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eMedals-An Extremely Scarce Polish Navy MBE Gallantry Group to Andrzej Ożegowski

Item: EU12670

An Extremely Scarce Polish Navy MBE Gallantry Group to Andrzej Ożegowski

$500

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An Extremely Scarce Polish Navy MBE Gallantry Group to Andrzej Ożegowski

MBE Recipient, Surgeon Lieutenant-Commander Andrzej Ożegowski, Polish Navy: Poland (Republic): Cross of Valor 1920 (bronze, 43.5 mm); Cross of Merit, 3rd Class with Swords, Type II (bronze, maker marked "SPINK LONDON" on the reverse, 41 mm x 60.5 mm inclusive of its swords suspension); Great Britain: Member of the Order of the British Empire (silver, unmarked, 48.5 mm x 60.5 mm); 1939-1945 Star; Atlantic Star, 1 Clasp - FRANCE AND GERMANY; Defence Medal; and War Medal 1939-1945. Unmounted, lightly soiled original ribbons, the Navy Medal for the War 1939-1945 having been lost to time but appears as one of the recipient's awards on his ribbon bar, intact enamels on the Cross of Merit, very light contact, extremely fine. Accompanied by an Eight-Ribbon Ribbon Bar (top row: Poland (Republic): Cross of Valor 1920, Cross of Merit, 3rd Class with Swords, Type II with crossed bronze swords; and Navy Medal for the War 1939-1945 with two silver clasps designating three awards; middle row: Great Britain: Member of the Order of the British Empire; 1939-1945 Star; Atlantic Star with silver rosette; bottom row: Great Britain: Defence Medal; and War Medal 1939-1945; the ribbon bars sewn in place to a 52 mm x 120 mm black cloth patch, also extremely fine).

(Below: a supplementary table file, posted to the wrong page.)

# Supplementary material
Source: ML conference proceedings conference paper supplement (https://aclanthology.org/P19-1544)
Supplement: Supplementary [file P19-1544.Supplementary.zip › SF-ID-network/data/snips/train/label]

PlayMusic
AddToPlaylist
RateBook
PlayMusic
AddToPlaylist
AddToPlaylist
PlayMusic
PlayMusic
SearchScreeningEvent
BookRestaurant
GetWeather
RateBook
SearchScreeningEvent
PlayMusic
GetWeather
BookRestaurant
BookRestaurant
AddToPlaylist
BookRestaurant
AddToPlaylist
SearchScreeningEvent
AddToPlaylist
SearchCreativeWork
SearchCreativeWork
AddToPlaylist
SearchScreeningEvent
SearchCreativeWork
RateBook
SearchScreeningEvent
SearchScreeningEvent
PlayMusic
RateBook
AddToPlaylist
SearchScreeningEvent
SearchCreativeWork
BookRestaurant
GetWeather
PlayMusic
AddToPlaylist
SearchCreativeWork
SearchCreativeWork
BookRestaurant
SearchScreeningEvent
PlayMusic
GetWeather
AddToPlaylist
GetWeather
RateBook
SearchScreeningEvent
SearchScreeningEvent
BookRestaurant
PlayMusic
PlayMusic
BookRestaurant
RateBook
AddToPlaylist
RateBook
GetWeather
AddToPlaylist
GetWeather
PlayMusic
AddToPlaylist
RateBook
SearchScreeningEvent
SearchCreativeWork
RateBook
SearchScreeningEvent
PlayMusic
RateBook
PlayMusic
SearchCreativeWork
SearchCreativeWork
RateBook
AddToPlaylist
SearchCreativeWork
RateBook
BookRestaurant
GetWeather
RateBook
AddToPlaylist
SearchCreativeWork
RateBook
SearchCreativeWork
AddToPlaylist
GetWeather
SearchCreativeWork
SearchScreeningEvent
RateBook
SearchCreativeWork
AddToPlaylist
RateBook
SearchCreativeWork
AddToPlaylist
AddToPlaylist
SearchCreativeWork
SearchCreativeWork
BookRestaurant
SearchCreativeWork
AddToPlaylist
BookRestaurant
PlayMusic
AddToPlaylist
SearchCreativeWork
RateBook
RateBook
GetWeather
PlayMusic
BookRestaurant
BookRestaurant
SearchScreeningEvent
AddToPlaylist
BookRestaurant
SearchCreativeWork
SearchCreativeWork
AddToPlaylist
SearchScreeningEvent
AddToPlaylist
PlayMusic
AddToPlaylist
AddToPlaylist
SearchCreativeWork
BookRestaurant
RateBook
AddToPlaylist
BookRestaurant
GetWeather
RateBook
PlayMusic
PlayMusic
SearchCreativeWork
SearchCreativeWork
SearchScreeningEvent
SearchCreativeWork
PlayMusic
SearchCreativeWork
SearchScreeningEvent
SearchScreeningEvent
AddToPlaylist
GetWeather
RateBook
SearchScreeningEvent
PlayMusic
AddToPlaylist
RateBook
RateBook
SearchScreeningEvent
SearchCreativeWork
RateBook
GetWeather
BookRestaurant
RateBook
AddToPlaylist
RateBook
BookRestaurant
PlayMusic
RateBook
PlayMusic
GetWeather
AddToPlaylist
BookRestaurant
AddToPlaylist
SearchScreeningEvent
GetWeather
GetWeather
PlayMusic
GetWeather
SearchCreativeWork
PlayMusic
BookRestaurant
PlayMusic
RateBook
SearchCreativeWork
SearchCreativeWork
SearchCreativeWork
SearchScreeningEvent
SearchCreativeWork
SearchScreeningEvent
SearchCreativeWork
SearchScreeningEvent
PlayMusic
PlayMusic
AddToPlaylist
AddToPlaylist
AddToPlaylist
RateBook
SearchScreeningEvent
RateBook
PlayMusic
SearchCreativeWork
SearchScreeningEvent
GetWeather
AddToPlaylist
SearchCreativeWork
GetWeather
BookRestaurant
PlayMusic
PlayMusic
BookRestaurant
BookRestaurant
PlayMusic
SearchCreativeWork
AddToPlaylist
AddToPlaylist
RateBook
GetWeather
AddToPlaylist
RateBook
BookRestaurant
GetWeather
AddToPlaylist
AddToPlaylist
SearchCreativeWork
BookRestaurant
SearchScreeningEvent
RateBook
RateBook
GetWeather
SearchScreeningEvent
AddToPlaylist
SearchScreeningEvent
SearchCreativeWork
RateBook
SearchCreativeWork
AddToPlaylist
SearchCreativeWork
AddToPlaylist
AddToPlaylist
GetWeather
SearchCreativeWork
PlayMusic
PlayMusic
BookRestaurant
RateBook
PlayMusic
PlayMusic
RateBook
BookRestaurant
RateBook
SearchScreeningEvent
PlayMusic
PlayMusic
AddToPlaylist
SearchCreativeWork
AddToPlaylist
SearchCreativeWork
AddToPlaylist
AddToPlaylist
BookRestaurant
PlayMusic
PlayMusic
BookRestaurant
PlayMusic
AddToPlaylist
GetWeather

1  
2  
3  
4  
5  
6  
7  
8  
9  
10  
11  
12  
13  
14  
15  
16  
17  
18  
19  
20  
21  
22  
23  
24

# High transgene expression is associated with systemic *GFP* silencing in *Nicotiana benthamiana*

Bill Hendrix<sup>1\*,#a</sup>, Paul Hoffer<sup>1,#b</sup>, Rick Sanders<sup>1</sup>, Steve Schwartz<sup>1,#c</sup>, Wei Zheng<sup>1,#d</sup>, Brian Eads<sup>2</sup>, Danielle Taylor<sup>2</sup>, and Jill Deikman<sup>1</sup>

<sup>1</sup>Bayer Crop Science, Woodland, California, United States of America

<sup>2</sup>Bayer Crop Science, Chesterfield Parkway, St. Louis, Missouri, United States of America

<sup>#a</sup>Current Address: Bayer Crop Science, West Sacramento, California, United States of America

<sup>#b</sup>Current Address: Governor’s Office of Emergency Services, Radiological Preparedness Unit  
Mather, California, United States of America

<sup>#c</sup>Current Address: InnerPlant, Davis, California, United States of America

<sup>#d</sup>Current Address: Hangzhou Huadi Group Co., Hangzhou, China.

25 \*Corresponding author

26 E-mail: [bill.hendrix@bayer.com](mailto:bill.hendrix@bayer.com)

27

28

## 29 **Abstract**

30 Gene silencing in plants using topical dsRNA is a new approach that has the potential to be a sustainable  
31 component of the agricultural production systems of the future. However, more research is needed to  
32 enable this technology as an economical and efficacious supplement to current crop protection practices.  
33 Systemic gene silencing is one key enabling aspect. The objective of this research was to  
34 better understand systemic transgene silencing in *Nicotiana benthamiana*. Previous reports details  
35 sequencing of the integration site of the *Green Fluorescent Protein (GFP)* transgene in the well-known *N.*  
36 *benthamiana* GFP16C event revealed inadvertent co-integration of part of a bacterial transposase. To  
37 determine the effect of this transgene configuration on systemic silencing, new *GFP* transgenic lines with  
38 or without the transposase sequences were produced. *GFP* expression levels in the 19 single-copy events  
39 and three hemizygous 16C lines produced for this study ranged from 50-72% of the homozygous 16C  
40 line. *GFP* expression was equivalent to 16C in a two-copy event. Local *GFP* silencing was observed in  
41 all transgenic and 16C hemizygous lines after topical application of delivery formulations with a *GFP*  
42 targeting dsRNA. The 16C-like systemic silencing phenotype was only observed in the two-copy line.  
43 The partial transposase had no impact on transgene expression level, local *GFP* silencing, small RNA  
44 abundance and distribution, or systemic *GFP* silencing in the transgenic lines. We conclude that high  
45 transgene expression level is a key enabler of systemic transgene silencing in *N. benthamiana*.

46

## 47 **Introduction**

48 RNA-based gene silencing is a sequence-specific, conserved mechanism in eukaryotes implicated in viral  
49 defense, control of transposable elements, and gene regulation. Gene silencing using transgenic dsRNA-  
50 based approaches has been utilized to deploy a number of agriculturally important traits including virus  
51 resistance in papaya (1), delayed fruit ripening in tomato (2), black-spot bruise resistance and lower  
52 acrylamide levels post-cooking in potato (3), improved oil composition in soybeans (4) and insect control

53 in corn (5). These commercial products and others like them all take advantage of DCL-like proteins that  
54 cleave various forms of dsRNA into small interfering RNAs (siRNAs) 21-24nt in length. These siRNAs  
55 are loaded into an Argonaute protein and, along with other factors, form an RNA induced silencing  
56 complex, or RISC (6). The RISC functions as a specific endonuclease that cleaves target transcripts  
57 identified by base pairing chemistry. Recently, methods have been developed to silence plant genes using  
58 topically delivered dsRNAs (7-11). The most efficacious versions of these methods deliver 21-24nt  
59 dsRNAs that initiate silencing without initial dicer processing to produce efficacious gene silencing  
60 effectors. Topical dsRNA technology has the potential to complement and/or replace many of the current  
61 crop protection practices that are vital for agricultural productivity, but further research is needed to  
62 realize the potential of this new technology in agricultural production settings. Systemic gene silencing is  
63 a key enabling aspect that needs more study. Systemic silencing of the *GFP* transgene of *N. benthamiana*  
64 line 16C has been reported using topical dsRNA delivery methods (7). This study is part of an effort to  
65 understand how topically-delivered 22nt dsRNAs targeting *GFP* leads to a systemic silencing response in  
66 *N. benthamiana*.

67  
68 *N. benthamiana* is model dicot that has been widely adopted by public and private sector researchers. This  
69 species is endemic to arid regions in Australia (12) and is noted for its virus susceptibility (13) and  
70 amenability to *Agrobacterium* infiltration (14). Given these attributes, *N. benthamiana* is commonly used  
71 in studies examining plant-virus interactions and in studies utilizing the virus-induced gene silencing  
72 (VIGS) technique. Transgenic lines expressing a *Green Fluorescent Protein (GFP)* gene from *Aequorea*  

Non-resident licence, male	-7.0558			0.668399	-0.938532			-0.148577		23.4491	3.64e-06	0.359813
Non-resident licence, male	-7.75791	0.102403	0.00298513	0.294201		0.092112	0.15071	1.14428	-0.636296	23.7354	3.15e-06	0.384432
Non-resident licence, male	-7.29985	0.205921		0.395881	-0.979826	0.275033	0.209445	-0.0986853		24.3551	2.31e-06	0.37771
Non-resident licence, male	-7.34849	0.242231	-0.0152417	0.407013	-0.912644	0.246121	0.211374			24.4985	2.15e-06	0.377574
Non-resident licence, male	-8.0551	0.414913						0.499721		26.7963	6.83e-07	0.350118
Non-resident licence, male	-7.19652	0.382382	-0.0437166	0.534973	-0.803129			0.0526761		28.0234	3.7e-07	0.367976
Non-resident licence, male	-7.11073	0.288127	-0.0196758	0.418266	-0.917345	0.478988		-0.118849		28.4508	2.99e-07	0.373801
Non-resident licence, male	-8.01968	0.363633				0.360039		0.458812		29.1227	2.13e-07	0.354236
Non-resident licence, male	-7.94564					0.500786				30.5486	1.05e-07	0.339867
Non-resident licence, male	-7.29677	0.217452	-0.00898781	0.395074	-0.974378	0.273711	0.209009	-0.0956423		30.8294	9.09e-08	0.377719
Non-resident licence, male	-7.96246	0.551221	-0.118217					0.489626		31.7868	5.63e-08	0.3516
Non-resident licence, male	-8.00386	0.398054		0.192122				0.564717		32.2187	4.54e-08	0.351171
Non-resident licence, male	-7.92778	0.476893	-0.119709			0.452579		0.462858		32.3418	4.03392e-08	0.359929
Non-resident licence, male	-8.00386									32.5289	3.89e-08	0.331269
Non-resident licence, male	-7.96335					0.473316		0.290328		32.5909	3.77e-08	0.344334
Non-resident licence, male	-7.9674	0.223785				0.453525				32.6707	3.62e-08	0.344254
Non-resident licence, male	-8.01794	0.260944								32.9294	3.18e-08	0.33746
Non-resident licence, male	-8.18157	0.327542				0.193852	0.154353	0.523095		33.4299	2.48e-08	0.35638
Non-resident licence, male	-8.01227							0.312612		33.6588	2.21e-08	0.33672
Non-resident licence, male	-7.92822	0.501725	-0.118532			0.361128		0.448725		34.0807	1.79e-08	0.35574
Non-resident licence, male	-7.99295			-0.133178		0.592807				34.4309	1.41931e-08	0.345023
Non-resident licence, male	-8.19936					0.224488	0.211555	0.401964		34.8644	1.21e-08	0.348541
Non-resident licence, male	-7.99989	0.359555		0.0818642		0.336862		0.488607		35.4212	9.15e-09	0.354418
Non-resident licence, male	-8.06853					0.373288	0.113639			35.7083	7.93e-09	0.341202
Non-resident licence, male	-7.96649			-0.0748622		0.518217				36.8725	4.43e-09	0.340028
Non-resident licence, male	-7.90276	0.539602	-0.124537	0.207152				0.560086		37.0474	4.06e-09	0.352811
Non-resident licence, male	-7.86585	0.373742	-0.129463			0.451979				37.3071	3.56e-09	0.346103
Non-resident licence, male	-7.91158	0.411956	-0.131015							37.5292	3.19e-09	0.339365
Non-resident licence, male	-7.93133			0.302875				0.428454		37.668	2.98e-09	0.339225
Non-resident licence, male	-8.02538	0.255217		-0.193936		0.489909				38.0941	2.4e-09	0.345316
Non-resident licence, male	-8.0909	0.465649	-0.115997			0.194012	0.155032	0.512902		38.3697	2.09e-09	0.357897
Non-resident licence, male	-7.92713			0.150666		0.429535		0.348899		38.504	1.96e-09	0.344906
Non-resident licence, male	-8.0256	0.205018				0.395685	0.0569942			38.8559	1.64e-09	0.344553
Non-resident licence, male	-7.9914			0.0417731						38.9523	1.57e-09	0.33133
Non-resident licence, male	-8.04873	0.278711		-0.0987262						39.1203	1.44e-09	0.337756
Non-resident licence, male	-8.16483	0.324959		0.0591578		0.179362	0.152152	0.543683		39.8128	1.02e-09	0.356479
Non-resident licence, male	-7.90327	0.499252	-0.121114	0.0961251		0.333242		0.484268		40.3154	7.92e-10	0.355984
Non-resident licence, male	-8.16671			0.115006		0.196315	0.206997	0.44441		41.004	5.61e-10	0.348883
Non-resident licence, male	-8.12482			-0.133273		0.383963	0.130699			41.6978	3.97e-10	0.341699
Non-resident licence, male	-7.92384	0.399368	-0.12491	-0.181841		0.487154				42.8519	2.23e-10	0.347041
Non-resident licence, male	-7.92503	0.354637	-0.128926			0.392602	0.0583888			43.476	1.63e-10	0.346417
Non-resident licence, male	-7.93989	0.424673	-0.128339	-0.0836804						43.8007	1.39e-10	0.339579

Footnote: Surgeon Lieutenant-Commander Andrzej Ożegowski, Polish Navy served aboard ORP Burza, a Wicher-class destroyer of the Polish Navy, which saw action during the Second World War. The ORP Burza (Polish: "Storm") was ordered on April 2, 1926 from the French shipyard Chantiers Naval Francais, together with her sister ship ORP Wicher. She entered service in 1932, roughly four years after the initial deadline. On August 30, 1939, the Polish destroyers ORP Burza ("Storm"), Błyskawica ("Lightning") and Grom ("Thunder") were ordered to execute the Peking Plan, created in order to remove the Destroyer Division (Dywizjon Kontrtorpedowców) of the Polish Navy from the Baltic Sea operation theatre, an operation in which all three destroyers were evacuated to the United Kingdom in late August and early September 1939, prior to the outbreak of war. They were ordered to travel to British ports and assist the British Royal Navy in the event of a war with Nazi Germany. The Polish destroyers headed for the United Kingdom on August 29th and as they approached the United Kingdom on September 1st, they learned about the German invasion of Poland, soon meeting up with the British destroyers HMS Wanderer and HMS Wallace. The British ships led the Polish ships to Leith, port of Edinburgh, and at night the Polish destroyers arrived at nearby Rosyth. The ships served alongside the Royal Navy for the remainder of the war, and ORP Burza and ORP Błyskawica would survive the war. The Peking Plan generated controversy in Poland, but it proved to be a wise decision and successful, allowing the ships to avoid certain destruction or capture during the German invasion of Poland. All the other surface ships of the Polish Navy which remained in the Baltic were engaged and sunk or captured by the German forces, starting with the Battle of the Gdańsk Bay on September 1st. The fate of the remaining two largest ships is telling: the fourth Polish destroyer, ORP Wicher, and the heavy minelayer ORP Gryf, the largest ship of the Polish navy, were both sank by September 3rd, the third day of the war. ORP Burza assisted British forces off Norway in April 1940, and in the English Channel in May 1940. Beginning on February 22, 1943, ORP Burza joined Atlantic convoy ON 166, crossing through the Atlantic Gap (German: "Atlantikloch"). Her first duty was to sink a damaged Norwegian freighter by the use of a single torpedo, the first use of a torpedo by a Polish destroyer during the war. Two days later, on February 24th, ORP Burza attacked the German U-606, who had already sank three ships of this convoy. The heavily damaged U-boat surfaced and the American escort ship USS Campbell opened artillery fire against her and later tried to ram the U-boat. Unfortunately, USS Campbell lost a propeller and couldn't move. Both U-606 and the USS Campbell began sinking, the Germans sent SOS signals by light and the Americans by radio. ORP Burza took on board Germans from U-606, part of the American crew of USS Campbell, along with the crew of the Norwegian freighter, then left the convoy for St. John. Upon leaving St. John, ORP Burza returned to Atlantic convoy duty with ORP Garland, joining convoy HX 228, along with the H-class destroyer HMS Harvester, their destination: the United Kingdom. HMS Harvester had briefly been assigned to Force H in May 1941, but her anti-aircraft armament was deemed too weak and she was transferred to the Newfoundland Escort Force in June 1941 for escort duties in the North Atlantic. The ship was returned to the Western Approaches Command in October 1941 and was converted to an escort destroyer in early 1942. Meanwhile, ORP Burza had been refitted at Liverpool, between December 12, 1942 and February 11, 1943. Whilst defending Convoy HX 228 on March 3rd, convoy HX 228 was pursued by a wolfpack of U-boats. HMS Harvester forced U-444 to the surface and then rammed it. Her propeller was badly damaged from the ramming and she was unable to keep proper speed, yet she rescued five survivors after the submarine sank. The next day, the damaged HMS Harvester was torpedoed by U-432 and broke in half, sinking in an hour. Nine officers and 136 ratings were lost, but the French Flower-class corvette Aconit, which had been lent by the Royal Navy to the Force Navales Françaises Libres (Free French Naval Forces) and commanded by Lieutenant Levasseur, rammed and sank U-432 herself and then rescued HMS Harvester's few survivors. The Polish destroyers ORP Burza and ORP Garland made several depth charge attacks but without visual results. However, ORP Burza Surgeon Lieutenant-Commander Andrzej Ożegowski was especially gallant in his actions that day. He was put into a raft and sailed from ORP Burza to the Aconit, in choppy seas, in order to aid the wounded and sick that had been rescued from HMS Harvester. For his efforts that day, Surgeon Lieutenant-Commander Andrzej Ożegowski was awarded the Member of the Order of the British Empire, by Admiralty Fleet Order 3526, Honours and Awards 485/43 to the Polish Navy, dated August 5, 1943: "The King has been graciously pleased to approve the following Honorary Appointment for outstanding services to the survivors from H.M.S. Harvester when she was torpedoed in convoy on the night of 12th March. Member of the Order of the British Empire to Surgeon Lieutenant-Commander Andrzej Ozegowski, Polish Navy, O.R.P. Burza. This Appointment will not be gazetted." His citation reads: "For great courage and devotion in leaving the Polish destroyer Burza on a dark and stormy night in the Atlantic in March 1943 and paddling himself alone on a Carley Float to the French corvette Aconit to tend the wounded survivors of HMS Harvester." Ozegowski received his decoration from Admiral Andrew Cunningham, the First Sea Lord, at Admiralty House, on November 2, 1943. For his Second World War service, the British awarded him the 1939-1945 Star, the Atlantic Star with France and Germany clasp, the Defence Medal and the War Medal 1939-1945. In addition, the Polish government in exile awarded him the Cross of Valor 1920, the Cross of Merit 3rd Class with Swords and the Navy Medal for the War 1939-1945 with two silver clasps designating three awards.